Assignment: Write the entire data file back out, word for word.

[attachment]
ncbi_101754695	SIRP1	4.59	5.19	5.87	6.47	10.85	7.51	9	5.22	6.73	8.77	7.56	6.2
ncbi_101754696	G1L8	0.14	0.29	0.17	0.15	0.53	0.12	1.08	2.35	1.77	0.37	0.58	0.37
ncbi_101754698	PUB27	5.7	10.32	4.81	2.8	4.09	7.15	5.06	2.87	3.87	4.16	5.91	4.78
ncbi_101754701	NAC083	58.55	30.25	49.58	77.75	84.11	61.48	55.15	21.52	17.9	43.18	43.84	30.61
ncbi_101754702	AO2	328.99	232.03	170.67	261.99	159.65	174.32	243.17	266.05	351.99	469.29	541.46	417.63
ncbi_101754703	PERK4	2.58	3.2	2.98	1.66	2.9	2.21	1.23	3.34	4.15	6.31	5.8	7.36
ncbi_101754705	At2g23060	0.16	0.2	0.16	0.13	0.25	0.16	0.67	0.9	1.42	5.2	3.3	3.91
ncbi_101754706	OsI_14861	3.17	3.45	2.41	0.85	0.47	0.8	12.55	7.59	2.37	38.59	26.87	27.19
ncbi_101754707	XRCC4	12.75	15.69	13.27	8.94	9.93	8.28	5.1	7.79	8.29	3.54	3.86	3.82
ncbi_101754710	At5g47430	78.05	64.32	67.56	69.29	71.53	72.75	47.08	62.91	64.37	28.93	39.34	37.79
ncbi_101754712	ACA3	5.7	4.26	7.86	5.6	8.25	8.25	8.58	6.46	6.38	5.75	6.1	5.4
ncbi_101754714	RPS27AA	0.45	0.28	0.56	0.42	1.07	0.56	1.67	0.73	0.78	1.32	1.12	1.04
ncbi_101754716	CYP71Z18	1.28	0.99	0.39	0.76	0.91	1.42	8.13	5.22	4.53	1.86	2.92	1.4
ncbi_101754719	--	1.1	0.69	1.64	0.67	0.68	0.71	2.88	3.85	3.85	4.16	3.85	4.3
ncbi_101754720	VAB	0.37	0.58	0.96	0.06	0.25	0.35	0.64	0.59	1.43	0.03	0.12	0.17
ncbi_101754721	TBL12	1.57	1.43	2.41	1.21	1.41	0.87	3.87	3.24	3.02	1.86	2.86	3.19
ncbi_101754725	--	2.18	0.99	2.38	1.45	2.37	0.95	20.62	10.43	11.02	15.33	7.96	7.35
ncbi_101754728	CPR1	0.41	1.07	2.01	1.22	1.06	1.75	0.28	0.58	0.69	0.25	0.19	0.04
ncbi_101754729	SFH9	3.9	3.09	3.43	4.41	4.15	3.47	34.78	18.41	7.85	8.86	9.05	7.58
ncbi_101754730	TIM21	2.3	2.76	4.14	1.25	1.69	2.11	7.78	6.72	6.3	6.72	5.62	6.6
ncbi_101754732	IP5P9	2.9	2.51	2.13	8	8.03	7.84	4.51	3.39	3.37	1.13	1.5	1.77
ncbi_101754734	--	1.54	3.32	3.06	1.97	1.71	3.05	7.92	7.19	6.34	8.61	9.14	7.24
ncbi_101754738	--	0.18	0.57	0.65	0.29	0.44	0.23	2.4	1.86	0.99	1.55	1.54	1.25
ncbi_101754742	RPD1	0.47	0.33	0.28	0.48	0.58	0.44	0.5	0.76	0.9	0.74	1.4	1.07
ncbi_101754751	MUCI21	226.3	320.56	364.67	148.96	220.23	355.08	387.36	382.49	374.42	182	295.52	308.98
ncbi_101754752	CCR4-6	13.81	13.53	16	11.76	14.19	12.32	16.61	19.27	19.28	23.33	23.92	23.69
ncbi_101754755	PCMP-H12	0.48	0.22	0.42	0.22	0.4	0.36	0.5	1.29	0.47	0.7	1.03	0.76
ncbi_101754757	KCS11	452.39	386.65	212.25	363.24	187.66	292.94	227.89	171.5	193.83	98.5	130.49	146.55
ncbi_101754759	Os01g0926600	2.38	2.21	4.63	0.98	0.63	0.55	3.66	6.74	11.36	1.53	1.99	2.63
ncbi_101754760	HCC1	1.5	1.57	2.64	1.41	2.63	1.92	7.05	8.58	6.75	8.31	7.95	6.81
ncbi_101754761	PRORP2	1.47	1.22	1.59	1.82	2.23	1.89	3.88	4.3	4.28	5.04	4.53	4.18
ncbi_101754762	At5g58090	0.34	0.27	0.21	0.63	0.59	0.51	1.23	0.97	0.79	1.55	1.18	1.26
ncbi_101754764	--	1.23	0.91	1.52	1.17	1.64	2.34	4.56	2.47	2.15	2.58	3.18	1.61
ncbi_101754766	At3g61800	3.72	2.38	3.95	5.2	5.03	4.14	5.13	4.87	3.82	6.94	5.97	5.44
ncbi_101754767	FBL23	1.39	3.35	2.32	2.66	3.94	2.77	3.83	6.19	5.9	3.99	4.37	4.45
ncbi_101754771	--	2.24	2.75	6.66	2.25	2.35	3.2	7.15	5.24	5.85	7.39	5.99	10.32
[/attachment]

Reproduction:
ncbi_101754695	SIRP1	4.59	5.19	5.87	6.47	10.85	7.51	9	5.22	6.73	8.77	7.56	6.2
ncbi_101754696	G1L8	0.14	0.29	0.17	0.15	0.53	0.12	1.08	2.35	1.77	0.37	0.58	0.37
ncbi_101754698	PUB27	5.7	10.32	4.81	2.8	4.09	7.15	5.06	2.87	3.87	4.16	5.91	4.78
ncbi_101754701	NAC083	58.55	30.25	49.58	77.75	84.11	61.48	55.15	21.52	17.9	43.18	43.84	30.61
ncbi_101754702	AO2	328.99	232.03	170.67	261.99	159.65	174.32	243.17	266.05	351.99	469.29	541.46	417.63
ncbi_101754703	PERK4	2.58	3.2	2.98	1.66	2.9	2.21	1.23	3.34	4.15	6.31	5.8	7.36
ncbi_101754705	At2g23060	0.16	0.2	0.16	0.13	0.25	0.16	0.67	0.9	1.42	5.2	3.3	3.91
ncbi_101754706	OsI_14861	3.17	3.45	2.41	0.85	0.47	0.8	12.55	7.59	2.37	38.59	26.87	27.19
ncbi_101754707	XRCC4	12.75	15.69	13.27	8.94	9.93	8.28	5.1	7.79	8.29	3.54	3.86	3.82
ncbi_101754710	At5g47430	78.05	64.32	67.56	69.29	71.53	72.75	47.08	62.91	64.37	28.93	39.34	37.79
ncbi_101754712	ACA3	5.7	4.26	7.86	5.6	8.25	8.25	8.58	6.46	6.38	5.75	6.1	5.4
ncbi_101754714	RPS27AA	0.45	0.28	0.56	0.42	1.07	0.56	1.67	0.73	0.78	1.32	1.12	1.04
ncbi_101754716	CYP71Z18	1.28	0.99	0.39	0.76	0.91	1.42	8.13	5.22	4.53	1.86	2.92	1.4
ncbi_101754719	--	1.1	0.69	1.64	0.67	0.68	0.71	2.88	3.85	3.85	4.16	3.85	4.3
ncbi_101754720	VAB	0.37	0.58	0.96	0.06	0.25	0.35	0.64	0.59	1.43	0.03	0.12	0.17
ncbi_101754721	TBL12	1.57	1.43	2.41	1.21	1.41	0.87	3.87	3.24	3.02	1.86	2.86	3.19
ncbi_101754725	--	2.18	0.99	2.38	1.45	2.37	0.95	20.62	10.43	11.02	15.33	7.96	7.35
ncbi_101754728	CPR1	0.41	1.07	2.01	1.22	1.06	1.75	0.28	0.58	0.69	0.25	0.19	0.04
ncbi_101754729	SFH9	3.9	3.09	3.43	4.41	4.15	3.47	34.78	18.41	7.85	8.86	9.05	7.58
ncbi_101754730	TIM21	2.3	2.76	4.14	1.25	1.69	2.11	7.78	6.72	6.3	6.72	5.62	6.6
ncbi_101754732	IP5P9	2.9	2.51	2.13	8	8.03	7.84	4.51	3.39	3.37	1.13	1.5	1.77
ncbi_101754734	--	1.54	3.32	3.06	1.97	1.71	3.05	7.92	7.19	6.34	8.61	9.14	7.24
ncbi_101754738	--	0.18	0.57	0.65	0.29	0.44	0.23	2.4	1.86	0.99	1.55	1.54	1.25
ncbi_101754742	RPD1	0.47	0.33	0.28	0.48	0.58	0.44	0.5	0.76	0.9	0.74	1.4	1.07
ncbi_101754751	MUCI21	226.3	320.56	364.67	148.96	220.23	355.08	387.36	382.49	374.42	182	295.52	308.98
ncbi_101754752	CCR4-6	13.81	13.53	16	11.76	14.19	12.32	16.61	19.27	19.28	23.33	23.92	23.69
ncbi_101754755	PCMP-H12	0.48	0.22	0.42	0.22	0.4	0.36	0.5	1.29	0.47	0.7	1.03	0.76
ncbi_101754757	KCS11	452.39	386.65	212.25	363.24	187.66	292.94	227.89	171.5	193.83	98.5	130.49	146.55
ncbi_101754759	Os01g0926600	2.38	2.21	4.63	0.98	0.63	0.55	3.66	6.74	11.36	1.53	1.99	2.63
ncbi_101754760	HCC1	1.5	1.57	2.64	1.41	2.63	1.92	7.05	8.58	6.75	8.31	7.95	6.81
ncbi_101754761	PRORP2	1.47	1.22	1.59	1.82	2.23	1.89	3.88	4.3	4.28	5.04	4.53	4.18
ncbi_101754762	At5g58090	0.34	0.27	0.21	0.63	0.59	0.51	1.23	0.97	0.79	1.55	1.18	1.26
ncbi_101754764	--	1.23	0.91	1.52	1.17	1.64	2.34	4.56	2.47	2.15	2.58	3.18	1.61
ncbi_101754766	At3g61800	3.72	2.38	3.95	5.2	5.03	4.14	5.13	4.87	3.82	6.94	5.97	5.44
ncbi_101754767	FBL23	1.39	3.35	2.32	2.66	3.94	2.77	3.83	6.19	5.9	3.99	4.37	4.45
ncbi_101754771	--	2.24	2.75	6.66	2.25	2.35	3.2	7.15	5.24	5.85	7.39	5.99	10.32